Logana, one of our number, took on the challenge of translating/writing in Latin a brevarium of rules and providing key terms in Latin. It was excellently done. And indeed, if not for Logana, I think this wouldn’t have come off because I am notiorously busy and work to deadlines.
Pars Tertia, apud Rusticationem
So time was unfortunately short on our end at Rusticatio itself. We had hoped to do an initial session in the first “sessio elegendorum”, but Logana herself was on kitchen duty. eheu. We successfully enticed (?), perhaps invited, 2 others to join us, neither of whom had played D&D before. So then we had a triple challenge – 2 players who’d never played before and had to have both rules and core RPG concepts explained, the challenge of Latin, given that this was the first latin speaking experience for most of us (praeter me, fortasse; res non certa est); and the challenge playing in latin itself.
For the most part, creating character went straightforwardly, with not a few one-word English glosses supplied. So, it really can be done, with minimal English and minimal experience. Though, I will say, that (a) having your more experienced players also (b) be more capable Latin speakers, is incredibly helpful.
Pars Quarta, the actual playing.
So in that first session, well, post cenam huius noctis, we played a very brief set-up encounter, in which we met a priestess of Diana, who tasked us with hunting a monstrous boar in the local region. (The setting, scilicet, was a fantasy version of ancient Rome). But time and the scheduled events defeated our plans to play further.
This left us with playing on the final night (et, iterum vae mihi, est causa quia in QD non intravi. nihil refert, ut intellexi, sine me non tam bene alii ludere possent, sed non quia ego tam necessarius eram). We preceded through about 3 encounters, and killed the boar. That’s the short of it.
I would say this: the Magistra Ludi (GM/DM) bears the heaviest load here, because she has to (i) know the game well, (ii) be apt at description and improvisation, (iii) does the bulk of the talking, (iv) generally needs to be better at speaking latine than the players need to. Not through any fault of their own (don’t mistake me, this is not a criticism), our 2 new players were not the most confident latin speakers. But that gives me hope, because they didn’t need to be either. They understood well enough, and responding to options, engaging in answers to questions, is easier than being the one who ‘sets the parameters’.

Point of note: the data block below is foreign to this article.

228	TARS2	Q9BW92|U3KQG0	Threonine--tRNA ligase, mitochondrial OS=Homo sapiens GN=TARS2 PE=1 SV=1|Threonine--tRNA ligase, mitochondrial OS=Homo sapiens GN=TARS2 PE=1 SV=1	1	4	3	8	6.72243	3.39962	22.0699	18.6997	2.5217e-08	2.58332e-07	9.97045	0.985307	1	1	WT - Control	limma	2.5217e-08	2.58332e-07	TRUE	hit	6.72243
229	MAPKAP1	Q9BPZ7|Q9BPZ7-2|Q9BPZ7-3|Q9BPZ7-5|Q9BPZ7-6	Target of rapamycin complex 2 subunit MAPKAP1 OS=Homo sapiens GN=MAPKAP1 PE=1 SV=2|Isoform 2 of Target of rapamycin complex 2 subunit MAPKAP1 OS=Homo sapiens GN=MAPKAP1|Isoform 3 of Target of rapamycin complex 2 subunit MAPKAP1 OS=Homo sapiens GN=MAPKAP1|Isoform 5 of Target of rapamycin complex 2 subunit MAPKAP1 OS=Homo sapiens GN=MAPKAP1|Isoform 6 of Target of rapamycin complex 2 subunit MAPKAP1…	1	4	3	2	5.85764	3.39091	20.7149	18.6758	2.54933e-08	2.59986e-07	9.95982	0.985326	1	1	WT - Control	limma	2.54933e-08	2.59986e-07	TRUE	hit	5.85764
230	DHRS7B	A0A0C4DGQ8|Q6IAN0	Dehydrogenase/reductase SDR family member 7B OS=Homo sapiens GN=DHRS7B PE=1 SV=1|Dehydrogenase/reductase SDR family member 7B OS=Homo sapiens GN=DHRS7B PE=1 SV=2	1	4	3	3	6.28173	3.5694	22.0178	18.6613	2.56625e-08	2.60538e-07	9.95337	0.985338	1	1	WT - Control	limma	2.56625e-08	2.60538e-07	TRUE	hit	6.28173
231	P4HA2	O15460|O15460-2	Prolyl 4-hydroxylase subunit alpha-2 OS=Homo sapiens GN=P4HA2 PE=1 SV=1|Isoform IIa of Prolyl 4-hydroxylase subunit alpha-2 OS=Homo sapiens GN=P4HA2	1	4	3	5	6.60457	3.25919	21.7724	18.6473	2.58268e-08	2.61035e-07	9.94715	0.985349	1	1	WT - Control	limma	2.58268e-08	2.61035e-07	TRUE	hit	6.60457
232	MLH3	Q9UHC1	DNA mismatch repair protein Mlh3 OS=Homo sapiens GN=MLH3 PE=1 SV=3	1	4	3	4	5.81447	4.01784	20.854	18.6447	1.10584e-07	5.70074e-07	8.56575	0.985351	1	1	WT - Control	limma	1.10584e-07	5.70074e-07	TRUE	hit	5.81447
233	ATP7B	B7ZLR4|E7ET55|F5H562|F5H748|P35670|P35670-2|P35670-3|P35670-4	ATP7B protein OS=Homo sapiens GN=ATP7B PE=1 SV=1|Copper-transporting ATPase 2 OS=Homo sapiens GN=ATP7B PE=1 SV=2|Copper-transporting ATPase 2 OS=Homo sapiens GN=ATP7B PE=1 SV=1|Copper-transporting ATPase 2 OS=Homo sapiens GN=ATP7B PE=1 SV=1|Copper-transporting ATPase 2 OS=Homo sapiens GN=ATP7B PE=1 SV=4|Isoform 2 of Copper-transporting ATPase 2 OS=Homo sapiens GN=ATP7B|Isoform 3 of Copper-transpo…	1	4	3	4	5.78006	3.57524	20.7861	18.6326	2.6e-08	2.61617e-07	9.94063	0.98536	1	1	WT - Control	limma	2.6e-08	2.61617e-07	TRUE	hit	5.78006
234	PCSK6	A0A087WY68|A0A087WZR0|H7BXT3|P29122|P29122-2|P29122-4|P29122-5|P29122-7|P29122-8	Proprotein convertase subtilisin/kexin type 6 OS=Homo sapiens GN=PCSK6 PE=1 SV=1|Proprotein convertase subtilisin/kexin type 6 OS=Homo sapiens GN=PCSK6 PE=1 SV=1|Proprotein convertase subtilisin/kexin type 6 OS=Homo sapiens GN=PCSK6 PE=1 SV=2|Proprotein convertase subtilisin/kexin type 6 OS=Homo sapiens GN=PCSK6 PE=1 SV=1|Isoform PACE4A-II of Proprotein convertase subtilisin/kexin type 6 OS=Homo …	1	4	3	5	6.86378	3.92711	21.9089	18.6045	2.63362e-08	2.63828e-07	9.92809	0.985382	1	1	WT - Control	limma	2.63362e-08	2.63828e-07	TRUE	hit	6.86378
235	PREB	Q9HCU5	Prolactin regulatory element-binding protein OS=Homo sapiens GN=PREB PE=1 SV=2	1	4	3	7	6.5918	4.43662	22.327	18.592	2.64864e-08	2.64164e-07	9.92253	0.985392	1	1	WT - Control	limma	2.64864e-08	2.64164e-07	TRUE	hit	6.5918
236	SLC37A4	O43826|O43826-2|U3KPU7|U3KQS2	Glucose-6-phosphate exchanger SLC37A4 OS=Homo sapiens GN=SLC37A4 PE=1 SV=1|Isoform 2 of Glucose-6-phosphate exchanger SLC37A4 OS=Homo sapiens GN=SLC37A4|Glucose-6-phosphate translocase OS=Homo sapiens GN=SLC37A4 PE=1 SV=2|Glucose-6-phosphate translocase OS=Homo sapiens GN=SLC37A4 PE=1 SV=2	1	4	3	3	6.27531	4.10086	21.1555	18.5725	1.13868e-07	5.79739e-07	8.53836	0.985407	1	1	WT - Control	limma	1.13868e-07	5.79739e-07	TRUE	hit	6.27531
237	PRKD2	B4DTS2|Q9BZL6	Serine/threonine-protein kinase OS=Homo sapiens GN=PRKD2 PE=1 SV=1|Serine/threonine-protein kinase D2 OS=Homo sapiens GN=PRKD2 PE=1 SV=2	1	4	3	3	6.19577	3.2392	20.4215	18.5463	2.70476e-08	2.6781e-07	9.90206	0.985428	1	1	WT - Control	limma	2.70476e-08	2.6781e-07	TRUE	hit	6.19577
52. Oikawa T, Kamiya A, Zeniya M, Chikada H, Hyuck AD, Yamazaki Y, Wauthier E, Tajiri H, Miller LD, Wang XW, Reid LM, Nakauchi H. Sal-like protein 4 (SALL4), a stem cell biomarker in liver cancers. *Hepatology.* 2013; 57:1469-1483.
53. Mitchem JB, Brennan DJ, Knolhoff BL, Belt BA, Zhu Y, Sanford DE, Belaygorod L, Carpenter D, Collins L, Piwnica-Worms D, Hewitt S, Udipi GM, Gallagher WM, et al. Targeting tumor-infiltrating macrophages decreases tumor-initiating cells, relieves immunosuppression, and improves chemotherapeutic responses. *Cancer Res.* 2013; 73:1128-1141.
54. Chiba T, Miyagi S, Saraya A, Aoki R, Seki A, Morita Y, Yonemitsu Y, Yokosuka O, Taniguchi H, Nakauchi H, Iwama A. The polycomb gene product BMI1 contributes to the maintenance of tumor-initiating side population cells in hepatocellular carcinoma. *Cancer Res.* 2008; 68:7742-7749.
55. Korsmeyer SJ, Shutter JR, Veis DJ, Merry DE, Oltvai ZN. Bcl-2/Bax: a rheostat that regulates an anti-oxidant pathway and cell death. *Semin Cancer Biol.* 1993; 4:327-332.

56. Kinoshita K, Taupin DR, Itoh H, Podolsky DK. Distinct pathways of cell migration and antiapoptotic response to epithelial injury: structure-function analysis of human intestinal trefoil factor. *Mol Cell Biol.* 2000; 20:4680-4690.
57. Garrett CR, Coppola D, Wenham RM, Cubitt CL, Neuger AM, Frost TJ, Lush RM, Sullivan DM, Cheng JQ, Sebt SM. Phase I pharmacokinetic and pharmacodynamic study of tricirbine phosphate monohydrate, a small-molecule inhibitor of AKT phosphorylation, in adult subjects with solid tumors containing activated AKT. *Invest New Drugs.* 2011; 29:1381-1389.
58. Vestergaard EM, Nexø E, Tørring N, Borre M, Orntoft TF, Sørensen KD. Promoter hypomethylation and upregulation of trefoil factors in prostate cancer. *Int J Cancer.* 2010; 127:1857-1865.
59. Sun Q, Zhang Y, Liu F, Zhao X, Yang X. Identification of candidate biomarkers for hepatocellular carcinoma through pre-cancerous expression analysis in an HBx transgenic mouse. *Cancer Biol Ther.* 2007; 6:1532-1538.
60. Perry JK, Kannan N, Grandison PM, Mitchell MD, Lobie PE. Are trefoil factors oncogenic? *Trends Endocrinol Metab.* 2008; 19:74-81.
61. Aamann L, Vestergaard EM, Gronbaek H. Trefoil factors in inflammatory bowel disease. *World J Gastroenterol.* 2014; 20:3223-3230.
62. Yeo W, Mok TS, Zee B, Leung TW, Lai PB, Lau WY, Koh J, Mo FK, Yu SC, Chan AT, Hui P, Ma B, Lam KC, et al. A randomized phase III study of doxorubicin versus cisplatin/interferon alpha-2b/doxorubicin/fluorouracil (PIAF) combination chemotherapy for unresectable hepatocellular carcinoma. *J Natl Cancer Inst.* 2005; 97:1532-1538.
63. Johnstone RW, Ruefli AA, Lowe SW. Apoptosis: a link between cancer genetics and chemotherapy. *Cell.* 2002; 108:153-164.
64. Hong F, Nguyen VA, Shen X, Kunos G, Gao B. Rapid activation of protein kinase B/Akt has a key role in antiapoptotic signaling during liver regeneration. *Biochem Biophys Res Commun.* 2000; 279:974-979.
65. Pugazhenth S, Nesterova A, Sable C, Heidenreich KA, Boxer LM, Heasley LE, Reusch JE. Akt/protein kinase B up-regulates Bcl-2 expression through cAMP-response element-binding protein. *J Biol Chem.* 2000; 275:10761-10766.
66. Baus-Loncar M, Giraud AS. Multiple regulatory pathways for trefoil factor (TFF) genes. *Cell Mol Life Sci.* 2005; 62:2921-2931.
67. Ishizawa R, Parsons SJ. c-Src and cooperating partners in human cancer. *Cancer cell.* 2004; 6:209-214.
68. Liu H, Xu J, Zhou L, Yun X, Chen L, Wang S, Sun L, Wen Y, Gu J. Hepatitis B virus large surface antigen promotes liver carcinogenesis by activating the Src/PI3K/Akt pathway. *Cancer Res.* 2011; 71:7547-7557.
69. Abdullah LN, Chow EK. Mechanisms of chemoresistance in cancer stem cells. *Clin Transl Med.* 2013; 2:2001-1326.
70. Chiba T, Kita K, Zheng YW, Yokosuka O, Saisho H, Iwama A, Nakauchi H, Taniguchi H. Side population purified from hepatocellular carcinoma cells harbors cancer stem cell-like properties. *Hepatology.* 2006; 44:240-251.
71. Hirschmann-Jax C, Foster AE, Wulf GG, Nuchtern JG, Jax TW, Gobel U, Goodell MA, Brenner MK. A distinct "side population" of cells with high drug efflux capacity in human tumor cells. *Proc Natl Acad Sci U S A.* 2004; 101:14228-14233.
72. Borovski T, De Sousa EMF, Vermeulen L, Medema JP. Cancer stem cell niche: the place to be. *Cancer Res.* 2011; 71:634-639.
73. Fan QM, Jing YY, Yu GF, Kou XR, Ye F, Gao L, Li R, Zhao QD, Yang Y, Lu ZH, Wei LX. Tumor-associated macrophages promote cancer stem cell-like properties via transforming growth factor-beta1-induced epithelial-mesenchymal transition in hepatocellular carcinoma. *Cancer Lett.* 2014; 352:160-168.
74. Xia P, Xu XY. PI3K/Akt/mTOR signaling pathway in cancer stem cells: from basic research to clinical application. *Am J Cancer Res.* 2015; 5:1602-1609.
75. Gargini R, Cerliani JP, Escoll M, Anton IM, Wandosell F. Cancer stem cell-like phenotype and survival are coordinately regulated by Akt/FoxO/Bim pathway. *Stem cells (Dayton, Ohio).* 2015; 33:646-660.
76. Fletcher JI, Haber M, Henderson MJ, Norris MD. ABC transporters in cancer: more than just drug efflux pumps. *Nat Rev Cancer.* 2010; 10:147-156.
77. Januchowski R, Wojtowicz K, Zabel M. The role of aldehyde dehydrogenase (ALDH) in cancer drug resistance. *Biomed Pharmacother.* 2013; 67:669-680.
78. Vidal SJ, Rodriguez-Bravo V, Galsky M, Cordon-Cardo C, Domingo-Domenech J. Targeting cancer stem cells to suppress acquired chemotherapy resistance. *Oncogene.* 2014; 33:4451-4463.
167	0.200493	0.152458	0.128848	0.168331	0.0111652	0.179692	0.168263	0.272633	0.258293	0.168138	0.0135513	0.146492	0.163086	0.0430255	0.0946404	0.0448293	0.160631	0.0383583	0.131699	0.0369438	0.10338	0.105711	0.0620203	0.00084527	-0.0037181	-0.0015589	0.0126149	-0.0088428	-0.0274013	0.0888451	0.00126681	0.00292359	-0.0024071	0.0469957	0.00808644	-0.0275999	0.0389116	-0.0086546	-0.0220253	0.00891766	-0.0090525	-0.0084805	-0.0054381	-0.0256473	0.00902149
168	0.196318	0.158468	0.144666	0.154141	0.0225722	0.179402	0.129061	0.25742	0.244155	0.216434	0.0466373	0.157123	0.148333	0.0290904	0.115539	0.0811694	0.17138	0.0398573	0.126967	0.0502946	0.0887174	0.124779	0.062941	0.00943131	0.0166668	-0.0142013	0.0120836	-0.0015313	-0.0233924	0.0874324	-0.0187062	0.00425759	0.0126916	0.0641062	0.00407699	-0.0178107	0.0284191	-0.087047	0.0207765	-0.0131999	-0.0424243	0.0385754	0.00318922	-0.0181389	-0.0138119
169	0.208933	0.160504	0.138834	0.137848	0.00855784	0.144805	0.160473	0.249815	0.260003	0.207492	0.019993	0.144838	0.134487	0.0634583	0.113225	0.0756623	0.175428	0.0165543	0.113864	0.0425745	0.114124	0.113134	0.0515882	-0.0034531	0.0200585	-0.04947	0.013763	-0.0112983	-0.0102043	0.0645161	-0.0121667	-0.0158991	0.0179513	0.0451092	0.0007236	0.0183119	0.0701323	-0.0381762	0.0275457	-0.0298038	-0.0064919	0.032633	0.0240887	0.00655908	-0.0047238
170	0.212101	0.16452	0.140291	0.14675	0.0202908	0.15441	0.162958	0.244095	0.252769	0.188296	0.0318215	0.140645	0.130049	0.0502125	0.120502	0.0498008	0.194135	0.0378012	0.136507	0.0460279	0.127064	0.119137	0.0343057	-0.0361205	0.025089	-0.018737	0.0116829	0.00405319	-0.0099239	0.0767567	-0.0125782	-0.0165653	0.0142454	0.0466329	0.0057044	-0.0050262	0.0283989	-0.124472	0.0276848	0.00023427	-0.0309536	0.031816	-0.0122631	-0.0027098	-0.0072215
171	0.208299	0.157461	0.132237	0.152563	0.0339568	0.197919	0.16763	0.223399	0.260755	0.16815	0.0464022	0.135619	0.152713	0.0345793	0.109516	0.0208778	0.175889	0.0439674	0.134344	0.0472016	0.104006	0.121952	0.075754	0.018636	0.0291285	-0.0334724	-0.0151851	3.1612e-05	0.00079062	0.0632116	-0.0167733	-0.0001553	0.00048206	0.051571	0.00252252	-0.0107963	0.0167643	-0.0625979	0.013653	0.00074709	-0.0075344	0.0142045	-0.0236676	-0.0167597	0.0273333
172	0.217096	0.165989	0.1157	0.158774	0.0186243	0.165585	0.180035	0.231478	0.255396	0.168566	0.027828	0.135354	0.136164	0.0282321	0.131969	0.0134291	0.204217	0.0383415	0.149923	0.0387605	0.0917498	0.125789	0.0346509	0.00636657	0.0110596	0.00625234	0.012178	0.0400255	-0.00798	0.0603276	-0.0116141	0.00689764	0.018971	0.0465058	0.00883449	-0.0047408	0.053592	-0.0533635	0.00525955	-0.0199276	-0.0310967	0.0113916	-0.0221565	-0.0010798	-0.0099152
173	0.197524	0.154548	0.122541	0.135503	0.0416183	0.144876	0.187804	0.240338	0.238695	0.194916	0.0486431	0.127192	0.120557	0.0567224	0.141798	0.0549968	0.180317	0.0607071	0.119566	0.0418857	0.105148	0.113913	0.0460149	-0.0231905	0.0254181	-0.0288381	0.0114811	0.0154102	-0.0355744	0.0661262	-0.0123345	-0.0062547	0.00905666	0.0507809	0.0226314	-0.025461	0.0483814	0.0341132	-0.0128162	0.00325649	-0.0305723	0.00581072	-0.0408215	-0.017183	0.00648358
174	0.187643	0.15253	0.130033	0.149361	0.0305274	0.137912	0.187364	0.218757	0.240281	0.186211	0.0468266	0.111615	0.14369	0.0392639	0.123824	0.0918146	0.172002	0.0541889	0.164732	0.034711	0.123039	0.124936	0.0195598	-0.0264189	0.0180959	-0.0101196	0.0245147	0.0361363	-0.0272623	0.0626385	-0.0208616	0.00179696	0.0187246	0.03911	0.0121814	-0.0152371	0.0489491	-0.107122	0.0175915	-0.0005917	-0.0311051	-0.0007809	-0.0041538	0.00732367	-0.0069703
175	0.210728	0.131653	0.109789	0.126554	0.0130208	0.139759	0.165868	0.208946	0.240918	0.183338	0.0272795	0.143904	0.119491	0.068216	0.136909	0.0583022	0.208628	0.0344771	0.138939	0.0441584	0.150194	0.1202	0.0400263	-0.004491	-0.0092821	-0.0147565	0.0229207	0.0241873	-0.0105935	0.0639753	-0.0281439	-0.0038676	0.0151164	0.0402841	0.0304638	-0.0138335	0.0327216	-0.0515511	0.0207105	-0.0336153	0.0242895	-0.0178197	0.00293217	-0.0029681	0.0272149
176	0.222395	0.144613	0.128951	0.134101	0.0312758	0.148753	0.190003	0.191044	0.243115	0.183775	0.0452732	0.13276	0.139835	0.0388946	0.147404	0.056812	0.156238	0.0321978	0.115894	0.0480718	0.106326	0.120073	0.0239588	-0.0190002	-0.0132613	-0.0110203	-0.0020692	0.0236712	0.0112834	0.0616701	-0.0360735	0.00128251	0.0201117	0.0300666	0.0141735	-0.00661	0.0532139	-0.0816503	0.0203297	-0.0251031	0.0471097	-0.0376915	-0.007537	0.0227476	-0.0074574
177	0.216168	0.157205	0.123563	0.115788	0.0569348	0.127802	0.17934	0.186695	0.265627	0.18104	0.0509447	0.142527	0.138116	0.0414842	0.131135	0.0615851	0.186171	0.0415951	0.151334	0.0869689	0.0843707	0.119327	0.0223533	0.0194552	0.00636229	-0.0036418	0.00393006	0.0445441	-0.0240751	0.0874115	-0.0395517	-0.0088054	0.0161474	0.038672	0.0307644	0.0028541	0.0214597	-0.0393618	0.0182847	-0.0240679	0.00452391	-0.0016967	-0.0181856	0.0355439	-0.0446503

So, in this regard, I have to give a lot of credit to Logana, I think she did remarkably well, given that she also said beforehand that she has GM’d, but she is not usually a GM. In my own role-playing career, I’ve had the same person GMing in our group for 20 years. I don’t GM except very, very rarely.
Pars Quinta: reflections
I’ve already mentioned some of the difficulties above. It seems to me that the GM/ST, Magister/rae Ludi bears the major burden, in terms of both game and language. But that’s also heartening, in that if you wanted to use this as a form of language development/acquisition, the person who is ‘leading’ the session probably should be the person with stronger language. They can shape not only the game, but the language, to fit the participants. In our case, the relative non-confidence of some of our speakers gives me confidence that this could be done with other less-confident speakers.
Though, overall I’d say that RPGing in Latin is really an activity for upper intermediate and up users of a language. Though, if the understanding is there, then the output needed from a player can be simplified tremendously to simple responses to direct questions, if needed.
Another difficulty is that most game systems are complex. Core rulebooks run to hundreds of pages, often with complex terminology and plenty of words neither found, nor apt, nor relevant to classical languages. D&D and other ‘historically’ oriented, even if fantasy, games, have some advantage here. Other genres, e.g. Shadowrun, are going to be much harder to pull off. An advanced science cyberpunk genre with magic? In latin? hmmm.
Thirdly, unless you want to rely upon either an English (or other) rule-set, there are copyright issues lurking somewhere in antris tenebrosis. It might, perhaps, be better to pursue a game system with an open-license.
One of the greatest benefits to me, it seems, is that an RPG solves the problem that “role playing” a scenario in a classroom has. As BVP often points out, pretending you’re a waiter and a customer, but sitting in a classroom, is not a communicative activity or task. It’s not real.
RPGing is not real either, but there’s a difference. Because you are engaged in ‘being’ your persona, and you (ought to!) care about the game, the world, the characters, the story, and the outcomes. So you are playing for something. Not ‘to win’. Sure, it’s ‘pretend’, but it’s a real kind of pretending, if I can put it that way.